The Logical Philosopher

Friday, October 28, 2005

Trump, Business Simulations and the future of MBA programs

Money was never a big motivation for me, except as a way to keep score. The real excitement is playing the game.
Donald Trump "Trump: Art of the Deal"


While taking courses during my MBA we played an interactive stragegy game called SABRE Simulation where, depending on both our business decisions and the other teams decisions, lets you see the progress of your budding company & marketspace. There are a few more out on the business-school market, like Capstone, which offer the same experiences. A more static game I have played is the book by Craig Hickman called "The Strategy Game". This book essentially gives two options at the end of each chapter, and based on your decision you move to a specified non-sequential chapter.

The thing that inspires me about these types of strategy games is their learning potential vastly outstrips reading a book, article or other business commentary - in short it provides both real time content and context to the readers decisions. Much like Trump many of my fellow MBA students find the excitement in the business game. Why? Because of the continual aspect of learning, adapting and reapplying business skills in a work environment.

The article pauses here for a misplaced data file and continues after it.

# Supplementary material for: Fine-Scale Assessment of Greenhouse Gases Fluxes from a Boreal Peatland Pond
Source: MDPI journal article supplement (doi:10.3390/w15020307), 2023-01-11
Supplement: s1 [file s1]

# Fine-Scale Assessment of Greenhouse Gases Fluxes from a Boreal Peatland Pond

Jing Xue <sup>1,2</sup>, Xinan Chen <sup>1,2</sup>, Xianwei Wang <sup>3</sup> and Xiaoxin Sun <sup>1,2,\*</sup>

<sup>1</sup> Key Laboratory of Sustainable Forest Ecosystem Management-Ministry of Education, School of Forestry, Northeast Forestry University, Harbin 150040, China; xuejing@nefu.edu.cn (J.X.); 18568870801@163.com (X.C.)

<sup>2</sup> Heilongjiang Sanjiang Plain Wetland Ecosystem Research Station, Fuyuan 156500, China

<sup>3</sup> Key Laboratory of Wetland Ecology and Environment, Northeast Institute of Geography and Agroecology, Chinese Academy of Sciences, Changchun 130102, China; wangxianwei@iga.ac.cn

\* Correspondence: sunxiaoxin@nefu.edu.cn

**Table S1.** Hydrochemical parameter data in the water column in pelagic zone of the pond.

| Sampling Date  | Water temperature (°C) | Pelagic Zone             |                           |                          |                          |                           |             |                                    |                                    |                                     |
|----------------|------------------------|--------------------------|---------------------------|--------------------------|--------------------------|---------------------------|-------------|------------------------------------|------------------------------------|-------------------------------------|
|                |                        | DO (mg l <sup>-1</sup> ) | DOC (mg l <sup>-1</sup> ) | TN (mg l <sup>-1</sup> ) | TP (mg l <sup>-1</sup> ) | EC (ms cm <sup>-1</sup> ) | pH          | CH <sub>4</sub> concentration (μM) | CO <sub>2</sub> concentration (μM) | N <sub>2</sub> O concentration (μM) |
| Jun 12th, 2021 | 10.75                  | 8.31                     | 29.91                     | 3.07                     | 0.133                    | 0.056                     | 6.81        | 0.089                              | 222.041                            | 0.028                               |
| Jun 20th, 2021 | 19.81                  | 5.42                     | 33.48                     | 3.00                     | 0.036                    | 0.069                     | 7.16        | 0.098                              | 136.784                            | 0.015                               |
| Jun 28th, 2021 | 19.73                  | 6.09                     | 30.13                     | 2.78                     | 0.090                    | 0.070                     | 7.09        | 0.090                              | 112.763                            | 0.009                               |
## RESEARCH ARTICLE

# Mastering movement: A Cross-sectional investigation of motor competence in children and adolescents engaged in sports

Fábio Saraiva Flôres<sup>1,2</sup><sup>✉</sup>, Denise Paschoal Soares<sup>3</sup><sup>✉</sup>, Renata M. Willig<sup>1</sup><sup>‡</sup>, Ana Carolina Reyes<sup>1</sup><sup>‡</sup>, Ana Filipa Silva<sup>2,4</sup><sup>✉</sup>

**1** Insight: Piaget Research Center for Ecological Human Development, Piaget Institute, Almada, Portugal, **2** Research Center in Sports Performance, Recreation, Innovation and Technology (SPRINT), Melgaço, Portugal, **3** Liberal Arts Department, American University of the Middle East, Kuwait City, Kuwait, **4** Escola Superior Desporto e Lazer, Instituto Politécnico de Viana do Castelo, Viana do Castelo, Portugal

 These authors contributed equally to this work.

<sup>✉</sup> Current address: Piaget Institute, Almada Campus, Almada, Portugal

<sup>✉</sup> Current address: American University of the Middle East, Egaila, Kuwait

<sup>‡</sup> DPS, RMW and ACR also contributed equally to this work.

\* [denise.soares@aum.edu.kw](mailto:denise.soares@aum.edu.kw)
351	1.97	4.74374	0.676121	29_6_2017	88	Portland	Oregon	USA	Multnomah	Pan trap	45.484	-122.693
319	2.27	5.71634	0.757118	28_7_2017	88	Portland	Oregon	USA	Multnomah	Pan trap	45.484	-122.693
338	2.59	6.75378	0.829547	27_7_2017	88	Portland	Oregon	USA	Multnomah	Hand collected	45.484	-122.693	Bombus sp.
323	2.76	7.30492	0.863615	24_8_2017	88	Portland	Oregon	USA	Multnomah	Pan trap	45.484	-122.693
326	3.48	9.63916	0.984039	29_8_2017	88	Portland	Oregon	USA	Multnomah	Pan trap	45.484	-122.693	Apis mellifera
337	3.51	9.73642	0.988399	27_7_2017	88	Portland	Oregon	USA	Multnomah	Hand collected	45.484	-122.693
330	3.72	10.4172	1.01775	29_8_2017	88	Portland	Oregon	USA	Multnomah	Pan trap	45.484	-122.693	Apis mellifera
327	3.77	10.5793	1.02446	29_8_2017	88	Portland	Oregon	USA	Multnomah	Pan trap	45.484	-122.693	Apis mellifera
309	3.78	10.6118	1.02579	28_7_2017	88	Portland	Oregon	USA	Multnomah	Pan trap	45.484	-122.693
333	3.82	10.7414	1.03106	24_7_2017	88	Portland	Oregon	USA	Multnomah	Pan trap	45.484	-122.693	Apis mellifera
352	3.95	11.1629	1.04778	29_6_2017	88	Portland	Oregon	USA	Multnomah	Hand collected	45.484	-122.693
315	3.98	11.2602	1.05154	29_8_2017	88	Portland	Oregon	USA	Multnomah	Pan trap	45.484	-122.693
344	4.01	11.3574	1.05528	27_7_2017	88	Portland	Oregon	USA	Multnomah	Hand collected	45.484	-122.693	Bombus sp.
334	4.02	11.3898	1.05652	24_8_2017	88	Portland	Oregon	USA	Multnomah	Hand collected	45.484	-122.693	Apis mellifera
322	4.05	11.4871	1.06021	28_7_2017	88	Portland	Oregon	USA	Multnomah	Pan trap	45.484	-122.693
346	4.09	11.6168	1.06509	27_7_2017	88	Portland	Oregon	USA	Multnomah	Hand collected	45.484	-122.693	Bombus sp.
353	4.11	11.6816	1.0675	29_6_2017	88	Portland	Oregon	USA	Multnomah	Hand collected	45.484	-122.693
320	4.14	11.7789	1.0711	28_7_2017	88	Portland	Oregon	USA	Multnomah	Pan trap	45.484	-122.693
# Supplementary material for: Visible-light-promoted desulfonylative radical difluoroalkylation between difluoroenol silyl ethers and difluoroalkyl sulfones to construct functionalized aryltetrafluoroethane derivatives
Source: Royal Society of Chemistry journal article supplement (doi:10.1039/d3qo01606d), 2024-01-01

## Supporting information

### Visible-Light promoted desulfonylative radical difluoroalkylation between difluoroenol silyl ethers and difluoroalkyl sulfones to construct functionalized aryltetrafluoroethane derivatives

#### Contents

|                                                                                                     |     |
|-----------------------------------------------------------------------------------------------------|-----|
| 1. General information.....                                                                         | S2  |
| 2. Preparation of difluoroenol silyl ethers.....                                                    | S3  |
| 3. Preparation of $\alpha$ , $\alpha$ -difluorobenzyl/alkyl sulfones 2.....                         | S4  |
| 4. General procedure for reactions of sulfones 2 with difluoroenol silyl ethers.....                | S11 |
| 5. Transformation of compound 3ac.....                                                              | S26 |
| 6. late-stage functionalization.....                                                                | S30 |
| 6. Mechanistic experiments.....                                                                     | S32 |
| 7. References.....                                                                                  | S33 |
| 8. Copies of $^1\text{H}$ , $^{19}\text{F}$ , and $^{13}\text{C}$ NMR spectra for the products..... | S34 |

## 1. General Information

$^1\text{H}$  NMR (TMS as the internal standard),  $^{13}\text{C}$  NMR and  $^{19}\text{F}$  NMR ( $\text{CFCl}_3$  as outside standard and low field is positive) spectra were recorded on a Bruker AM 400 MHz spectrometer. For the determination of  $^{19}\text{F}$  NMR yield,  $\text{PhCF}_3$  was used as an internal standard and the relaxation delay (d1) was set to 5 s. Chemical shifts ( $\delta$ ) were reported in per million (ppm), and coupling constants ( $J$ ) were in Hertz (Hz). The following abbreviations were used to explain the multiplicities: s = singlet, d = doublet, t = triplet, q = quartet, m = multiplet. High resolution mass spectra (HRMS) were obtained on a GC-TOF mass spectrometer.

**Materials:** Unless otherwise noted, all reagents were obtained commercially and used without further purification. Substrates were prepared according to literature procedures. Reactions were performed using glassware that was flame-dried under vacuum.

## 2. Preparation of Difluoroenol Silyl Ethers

So why is this relevant? Many MBA programs are starting to carve out niche specializations, both in content and delivery style. Ivey and Harvard are famous for their case-study style programs whereas others offer more coursework with a "focused MBA" in Entrepreneurship, Family Business, Technology, IT, Airline/Transportation Management, etc. I would argue that the next step for programs is a more integrated effort with the simulation games. Discounting academia's typical reluctance to shift the utopian walls to a different level I would say it is the next necessary technology step. It just may keep some of the smaller niche MBA programs alive by differentiating themselves as the "dynamic case studies", much like the academic reputation Ivey and Harvard have done in the past.

Where do we go from here? I've been thinking of creating a simulation game for awhile, maybe now it's time to start to seriously consider it to have it ready for the next academic revolution. Any thoughts on what the simulation should consider?

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